Today’s column is written by Cynthia Butler, Publisher Integration Engineer at Denver-based, SpotXchange, a video advertising technology company.
I’ll give you two differences between display and video advertising: technology and people.
Some publishers and networks are selling video ads in the same way that display banners are sold. Display ad servers are “upgrading” their software to integrate video ad serving capabilities. The people behind advertisers and agencies who have been in the online industry expect video to behave the same as display banners. From both perspectives, video is being treated like it’s the same as display banners. Voila, all our problems are solved, right?
Okay, noted sarcasm there. But anyone who’s ever tried to “integrate” a new video ad server or new video technology keeps running into the same issues. Advertisers, agencies, networks, and publishers are all building, managing and creating video very differently, yet expecting the same results as display banner advertising. Beyond that, video is at the point of adoption where it is changing much more quickly than display.
Along those lines, over the years the IAB has set all regulations and standards for display banners. The IAB is working hard to establish standards for video technology (VAST, VPAID, companion banner sizes, overlays). But the video ad industry isn’t there yet. While video technology is changing and adapting quickly, some regulations set by the IAB have not kept up with this faster pace of change.
In the online video world, an ad can come in many different formats: Flash, Flash Video, MP4, Windows Media File, WebM, Audio only, Pre-Roll (Mid, Post) vs. Overlay vs. Companion Banners. They can be served in numerous environments like HTML, Flash, or Silverlight Players. They can be aired as placeholders while something else on the page is loading, they can be played before, during, or at the end of video content.
Unfortunately because not all publishers are the same, publisher capabilities are not the same when it comes to the integration and use of video advertising. Currently, going it alone, publishers in the video space have their work cut out for them trying to understand all of the technologies the advertisers are using. Over the past few years, many have had to upgrade their environments to maintain the recommended standards that are provided by Adobe or the IAB. This could be because the latest version of ActionScript code, 3.0, came out only two years after ActionScript 2.0 and does not support most AS2 code, for example. In contrast, the latest HTML, HTML5, came out 11 years after the previous 4.0 version and does support older code.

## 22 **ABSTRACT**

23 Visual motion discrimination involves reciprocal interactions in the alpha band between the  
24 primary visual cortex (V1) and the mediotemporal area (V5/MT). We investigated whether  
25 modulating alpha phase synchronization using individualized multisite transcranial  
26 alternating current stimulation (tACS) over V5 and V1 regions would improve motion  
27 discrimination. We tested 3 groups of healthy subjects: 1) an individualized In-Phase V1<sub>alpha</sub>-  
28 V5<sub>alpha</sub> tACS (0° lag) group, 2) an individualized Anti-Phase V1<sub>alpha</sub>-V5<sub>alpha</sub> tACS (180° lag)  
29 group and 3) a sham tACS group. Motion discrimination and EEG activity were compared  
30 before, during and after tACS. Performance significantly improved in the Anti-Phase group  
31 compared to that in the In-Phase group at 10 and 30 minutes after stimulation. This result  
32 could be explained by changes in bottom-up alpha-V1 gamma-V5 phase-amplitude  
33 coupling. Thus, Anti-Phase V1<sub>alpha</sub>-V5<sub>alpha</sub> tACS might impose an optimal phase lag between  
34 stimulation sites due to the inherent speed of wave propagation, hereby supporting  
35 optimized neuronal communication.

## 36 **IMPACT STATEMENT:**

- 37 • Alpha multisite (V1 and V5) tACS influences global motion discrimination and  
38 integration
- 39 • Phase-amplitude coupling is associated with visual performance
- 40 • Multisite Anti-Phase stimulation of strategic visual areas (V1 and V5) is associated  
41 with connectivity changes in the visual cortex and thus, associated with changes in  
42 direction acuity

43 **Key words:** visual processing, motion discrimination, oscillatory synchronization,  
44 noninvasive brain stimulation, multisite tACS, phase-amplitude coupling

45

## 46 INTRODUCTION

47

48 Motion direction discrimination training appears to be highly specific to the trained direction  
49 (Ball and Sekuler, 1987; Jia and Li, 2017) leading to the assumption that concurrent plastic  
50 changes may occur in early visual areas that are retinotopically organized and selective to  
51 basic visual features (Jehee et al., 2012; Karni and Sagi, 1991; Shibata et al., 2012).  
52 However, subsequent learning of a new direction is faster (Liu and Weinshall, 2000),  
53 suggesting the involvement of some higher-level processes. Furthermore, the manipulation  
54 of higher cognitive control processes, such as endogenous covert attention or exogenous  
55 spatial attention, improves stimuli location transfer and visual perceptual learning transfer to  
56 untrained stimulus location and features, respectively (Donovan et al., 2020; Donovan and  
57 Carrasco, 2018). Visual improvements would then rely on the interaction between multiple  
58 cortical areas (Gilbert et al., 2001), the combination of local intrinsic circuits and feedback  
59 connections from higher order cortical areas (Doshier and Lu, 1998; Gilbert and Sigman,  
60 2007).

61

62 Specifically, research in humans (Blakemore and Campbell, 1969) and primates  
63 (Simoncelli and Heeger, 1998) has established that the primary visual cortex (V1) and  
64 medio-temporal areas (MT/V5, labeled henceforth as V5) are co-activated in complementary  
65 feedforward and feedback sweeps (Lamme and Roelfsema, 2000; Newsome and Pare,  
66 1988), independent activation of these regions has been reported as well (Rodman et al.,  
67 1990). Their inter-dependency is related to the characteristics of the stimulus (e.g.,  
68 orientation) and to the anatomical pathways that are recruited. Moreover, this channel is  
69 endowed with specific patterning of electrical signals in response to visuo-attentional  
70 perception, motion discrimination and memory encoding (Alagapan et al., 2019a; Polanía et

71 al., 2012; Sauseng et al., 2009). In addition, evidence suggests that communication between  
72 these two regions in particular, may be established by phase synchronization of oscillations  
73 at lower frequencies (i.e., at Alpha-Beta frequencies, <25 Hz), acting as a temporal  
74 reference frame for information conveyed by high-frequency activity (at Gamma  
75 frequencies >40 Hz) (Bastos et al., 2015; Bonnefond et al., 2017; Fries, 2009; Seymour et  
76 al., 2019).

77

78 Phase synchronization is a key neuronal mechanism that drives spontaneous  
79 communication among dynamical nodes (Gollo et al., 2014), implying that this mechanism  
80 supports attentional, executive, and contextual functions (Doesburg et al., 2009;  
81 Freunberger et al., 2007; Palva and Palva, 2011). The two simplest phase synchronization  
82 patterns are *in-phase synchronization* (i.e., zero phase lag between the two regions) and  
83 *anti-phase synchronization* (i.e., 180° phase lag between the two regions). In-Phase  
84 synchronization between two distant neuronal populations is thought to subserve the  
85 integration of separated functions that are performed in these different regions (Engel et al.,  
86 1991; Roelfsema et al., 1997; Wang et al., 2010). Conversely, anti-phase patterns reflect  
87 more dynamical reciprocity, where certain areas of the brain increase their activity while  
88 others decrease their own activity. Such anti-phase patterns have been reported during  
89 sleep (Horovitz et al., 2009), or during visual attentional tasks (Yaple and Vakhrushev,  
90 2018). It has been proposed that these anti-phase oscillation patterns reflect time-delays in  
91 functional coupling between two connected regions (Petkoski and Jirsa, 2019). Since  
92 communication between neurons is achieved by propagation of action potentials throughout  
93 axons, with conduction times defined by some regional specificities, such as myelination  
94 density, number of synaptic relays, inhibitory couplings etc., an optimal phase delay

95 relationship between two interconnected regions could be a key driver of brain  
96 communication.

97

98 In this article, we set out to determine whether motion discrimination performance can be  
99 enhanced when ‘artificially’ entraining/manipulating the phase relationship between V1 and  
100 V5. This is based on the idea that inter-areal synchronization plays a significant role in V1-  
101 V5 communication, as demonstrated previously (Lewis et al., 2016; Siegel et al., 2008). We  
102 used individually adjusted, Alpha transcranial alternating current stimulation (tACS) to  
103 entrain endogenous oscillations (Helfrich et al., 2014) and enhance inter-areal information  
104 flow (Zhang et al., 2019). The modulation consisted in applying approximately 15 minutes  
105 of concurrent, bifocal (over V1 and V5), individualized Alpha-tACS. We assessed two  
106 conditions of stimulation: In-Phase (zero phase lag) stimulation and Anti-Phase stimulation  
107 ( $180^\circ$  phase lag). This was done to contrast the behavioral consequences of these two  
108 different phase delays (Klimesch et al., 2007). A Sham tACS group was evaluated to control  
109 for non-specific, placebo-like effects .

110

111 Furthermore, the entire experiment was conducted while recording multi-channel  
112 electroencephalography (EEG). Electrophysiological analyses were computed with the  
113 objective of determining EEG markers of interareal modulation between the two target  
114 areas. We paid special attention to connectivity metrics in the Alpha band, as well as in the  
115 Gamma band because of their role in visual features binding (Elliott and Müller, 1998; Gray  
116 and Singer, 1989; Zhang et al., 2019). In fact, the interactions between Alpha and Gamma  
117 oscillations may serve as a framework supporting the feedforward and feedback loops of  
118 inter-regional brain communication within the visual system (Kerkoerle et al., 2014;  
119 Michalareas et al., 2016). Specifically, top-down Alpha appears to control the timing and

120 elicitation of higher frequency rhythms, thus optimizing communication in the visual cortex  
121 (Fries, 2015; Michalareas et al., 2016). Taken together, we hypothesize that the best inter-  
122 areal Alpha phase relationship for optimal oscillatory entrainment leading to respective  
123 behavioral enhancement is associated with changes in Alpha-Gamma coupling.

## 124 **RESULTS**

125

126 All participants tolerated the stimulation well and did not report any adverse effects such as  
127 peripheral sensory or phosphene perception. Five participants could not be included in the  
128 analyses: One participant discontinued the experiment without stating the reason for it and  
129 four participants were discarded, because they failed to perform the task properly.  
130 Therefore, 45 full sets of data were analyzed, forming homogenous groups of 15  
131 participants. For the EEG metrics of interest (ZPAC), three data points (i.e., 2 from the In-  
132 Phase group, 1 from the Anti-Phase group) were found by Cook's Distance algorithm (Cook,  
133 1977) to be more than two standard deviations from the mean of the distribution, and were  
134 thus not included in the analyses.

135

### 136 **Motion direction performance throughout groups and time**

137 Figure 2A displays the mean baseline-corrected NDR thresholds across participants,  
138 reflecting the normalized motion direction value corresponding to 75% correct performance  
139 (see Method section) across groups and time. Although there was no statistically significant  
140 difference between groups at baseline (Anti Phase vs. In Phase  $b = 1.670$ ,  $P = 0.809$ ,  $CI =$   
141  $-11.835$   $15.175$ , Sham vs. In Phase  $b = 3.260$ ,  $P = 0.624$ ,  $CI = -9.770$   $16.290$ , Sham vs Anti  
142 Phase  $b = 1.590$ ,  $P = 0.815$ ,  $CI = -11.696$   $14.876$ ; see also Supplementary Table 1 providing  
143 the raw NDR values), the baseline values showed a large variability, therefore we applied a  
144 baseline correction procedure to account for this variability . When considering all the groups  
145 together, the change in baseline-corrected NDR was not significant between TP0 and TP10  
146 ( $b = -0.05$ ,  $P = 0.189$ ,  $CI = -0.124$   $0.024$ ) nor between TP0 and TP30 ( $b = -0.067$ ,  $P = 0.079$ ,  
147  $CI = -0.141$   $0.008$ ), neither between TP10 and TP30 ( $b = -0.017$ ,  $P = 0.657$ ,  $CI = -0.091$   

The IAB began trying to regulate video standards around the end of 2007. The IAB folks are currently on the second version of their Video Ad Serving Template (VAST), which is already showing signs of being outdated. VAST 1.0 was released by the IAB with little to no fanfare and, more importantly, little to no adoption within industry. The lack of adoption was the result of a number of reasons: too hard, too different, too short-sighted, too little industry understanding of video.
VAST 2.0 was created to address the shortcomings of VAST 1.0 and try to better “future-proof” the specification. While far from perfect, VAST 2.0 is a better step in the right direction. The IAB and its industry members also have looked to standardize how video ad creative / interactive environments embed within publisher “player” enviornments and released VPAID 1.0. The VPAID specification is independent of the VAST specifications. VAST makes some specific notations to support VPAID “containers.” VPAID is a great step towards standardization but is basically an additional hurdle that publishers must support if they want to take advantage of some the newer, higher-paying ad units.
Ultimately, this means that publishers are continually trying to stay ahead of the technology and the industry. Publishers spend good time and money attending every industry trade show, keeping developers on call, and constantly rearranging technical priorities on their site. Obviously, there are huge costs associated with these methods of staying abreast of the issues and technology. There are real costs associated with standing by and not upgrading — the potential revenue impact both from a short-term “we can’t take this IO” to the long-term impact of “it’s harder to get a new customer than keep an existing customer.”
Individual publishers shouldn’t have to worry about video ad technology. Working with ad servers formatted for a display world means they’re not at the head of the curve for video ad serving. Instead, publishers should be focused on generating great content and from there, generating revenue. They should be able to rely on their platforms, partners, ad servers, etc. to keep them current in the online video industry. This includes removing the pain points behind upgrading technology as much as possible. The answer? Until technology and people with expertise agree to overarching industry solutions for video, publishers should work with a partner who is going to worry about the latest technology advancements, the latest standards, and protecting those publishers from spending too much money on integration and staying ahead.
My advice for anyone breaking into the online video world, from someone who’s been through all the ad ops issues: don’t worry about how many implementations your Flash developer has to do. Don’t stress over not getting that huge IO because you’re still six months away from VPAID support. Rely on a solid, proven partner with the industry and technology expertise to show you the way in video, while you spend your time at a strategic level, focused on your core expertise.